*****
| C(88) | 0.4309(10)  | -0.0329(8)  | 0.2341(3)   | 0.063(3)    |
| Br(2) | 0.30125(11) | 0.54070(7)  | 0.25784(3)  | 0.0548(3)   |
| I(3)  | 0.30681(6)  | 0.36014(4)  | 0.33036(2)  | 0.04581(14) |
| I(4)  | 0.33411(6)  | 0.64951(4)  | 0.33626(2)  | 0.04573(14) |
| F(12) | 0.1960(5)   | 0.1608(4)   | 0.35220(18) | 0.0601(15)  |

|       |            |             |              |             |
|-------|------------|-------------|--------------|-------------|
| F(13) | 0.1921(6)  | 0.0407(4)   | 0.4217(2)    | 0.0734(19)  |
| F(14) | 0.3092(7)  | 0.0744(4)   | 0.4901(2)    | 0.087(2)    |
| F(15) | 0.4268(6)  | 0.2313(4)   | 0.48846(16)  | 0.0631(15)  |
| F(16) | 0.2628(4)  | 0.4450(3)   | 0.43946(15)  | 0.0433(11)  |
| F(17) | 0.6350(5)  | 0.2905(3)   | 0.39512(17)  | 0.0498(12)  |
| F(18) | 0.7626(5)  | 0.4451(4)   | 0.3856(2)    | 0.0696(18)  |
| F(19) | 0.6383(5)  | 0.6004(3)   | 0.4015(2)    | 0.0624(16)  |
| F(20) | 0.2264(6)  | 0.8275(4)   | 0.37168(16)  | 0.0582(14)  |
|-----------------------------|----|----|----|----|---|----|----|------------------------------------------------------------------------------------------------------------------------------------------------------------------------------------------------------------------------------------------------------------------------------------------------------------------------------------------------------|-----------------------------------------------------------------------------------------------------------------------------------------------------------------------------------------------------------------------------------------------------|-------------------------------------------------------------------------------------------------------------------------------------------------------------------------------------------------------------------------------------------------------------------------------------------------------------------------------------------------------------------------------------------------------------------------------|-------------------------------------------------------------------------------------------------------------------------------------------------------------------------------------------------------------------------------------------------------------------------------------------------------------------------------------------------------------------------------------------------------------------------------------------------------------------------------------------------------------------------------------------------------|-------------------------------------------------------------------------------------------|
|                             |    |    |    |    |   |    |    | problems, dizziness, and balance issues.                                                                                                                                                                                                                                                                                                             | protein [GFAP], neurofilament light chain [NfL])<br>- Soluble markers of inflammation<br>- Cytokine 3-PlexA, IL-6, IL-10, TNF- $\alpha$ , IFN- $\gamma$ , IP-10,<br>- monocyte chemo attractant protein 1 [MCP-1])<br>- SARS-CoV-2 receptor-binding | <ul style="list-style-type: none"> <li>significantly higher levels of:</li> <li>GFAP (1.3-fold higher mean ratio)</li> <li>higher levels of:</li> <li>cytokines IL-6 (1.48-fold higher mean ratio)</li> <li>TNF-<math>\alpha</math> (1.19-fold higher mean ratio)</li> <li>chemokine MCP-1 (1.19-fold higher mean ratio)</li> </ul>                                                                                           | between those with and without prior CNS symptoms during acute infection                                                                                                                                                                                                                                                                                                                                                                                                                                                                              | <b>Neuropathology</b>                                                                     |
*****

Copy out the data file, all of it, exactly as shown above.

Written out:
| C(88) | 0.4309(10)  | -0.0329(8)  | 0.2341(3)   | 0.063(3)    |
| Br(2) | 0.30125(11) | 0.54070(7)  | 0.25784(3)  | 0.0548(3)   |
| I(3)  | 0.30681(6)  | 0.36014(4)  | 0.33036(2)  | 0.04581(14) |
| I(4)  | 0.33411(6)  | 0.64951(4)  | 0.33626(2)  | 0.04573(14) |
| F(12) | 0.1960(5)   | 0.1608(4)   | 0.35220(18) | 0.0601(15)  |

|       |            |             |              |             |
|-------|------------|-------------|--------------|-------------|
| F(13) | 0.1921(6)  | 0.0407(4)   | 0.4217(2)    | 0.0734(19)  |
| F(14) | 0.3092(7)  | 0.0744(4)   | 0.4901(2)    | 0.087(2)    |
| F(15) | 0.4268(6)  | 0.2313(4)   | 0.48846(16)  | 0.0631(15)  |
| F(16) | 0.2628(4)  | 0.4450(3)   | 0.43946(15)  | 0.0433(11)  |
| F(17) | 0.6350(5)  | 0.2905(3)   | 0.39512(17)  | 0.0498(12)  |
| F(18) | 0.7626(5)  | 0.4451(4)   | 0.3856(2)    | 0.0696(18)  |
| F(19) | 0.6383(5)  | 0.6004(3)   | 0.4015(2)    | 0.0624(16)  |
| F(20) | 0.2264(6)  | 0.8275(4)   | 0.37168(16)  | 0.0582(14)  |
|-----------------------------|----|----|----|----|---|----|----|------------------------------------------------------------------------------------------------------------------------------------------------------------------------------------------------------------------------------------------------------------------------------------------------------------------------------------------------------|-----------------------------------------------------------------------------------------------------------------------------------------------------------------------------------------------------------------------------------------------------|-------------------------------------------------------------------------------------------------------------------------------------------------------------------------------------------------------------------------------------------------------------------------------------------------------------------------------------------------------------------------------------------------------------------------------|-------------------------------------------------------------------------------------------------------------------------------------------------------------------------------------------------------------------------------------------------------------------------------------------------------------------------------------------------------------------------------------------------------------------------------------------------------------------------------------------------------------------------------------------------------|-------------------------------------------------------------------------------------------|
|                             |    |    |    |    |   |    |    | problems, dizziness, and balance issues.                                                                                                                                                                                                                                                                                                             | protein [GFAP], neurofilament light chain [NfL])<br>- Soluble markers of inflammation<br>- Cytokine 3-PlexA, IL-6, IL-10, TNF- $\alpha$ , IFN- $\gamma$ , IP-10,<br>- monocyte chemo attractant protein 1 [MCP-1])<br>- SARS-CoV-2 receptor-binding | <ul style="list-style-type: none"> <li>significantly higher levels of:</li> <li>GFAP (1.3-fold higher mean ratio)</li> <li>higher levels of:</li> <li>cytokines IL-6 (1.48-fold higher mean ratio)</li> <li>TNF-<math>\alpha</math> (1.19-fold higher mean ratio)</li> <li>chemokine MCP-1 (1.19-fold higher mean ratio)</li> </ul>                                                                                           | between those with and without prior CNS symptoms during acute infection                                                                                                                                                                                                                                                                                                                                                                                                                                                                              | <b>Neuropathology</b>                                                                     |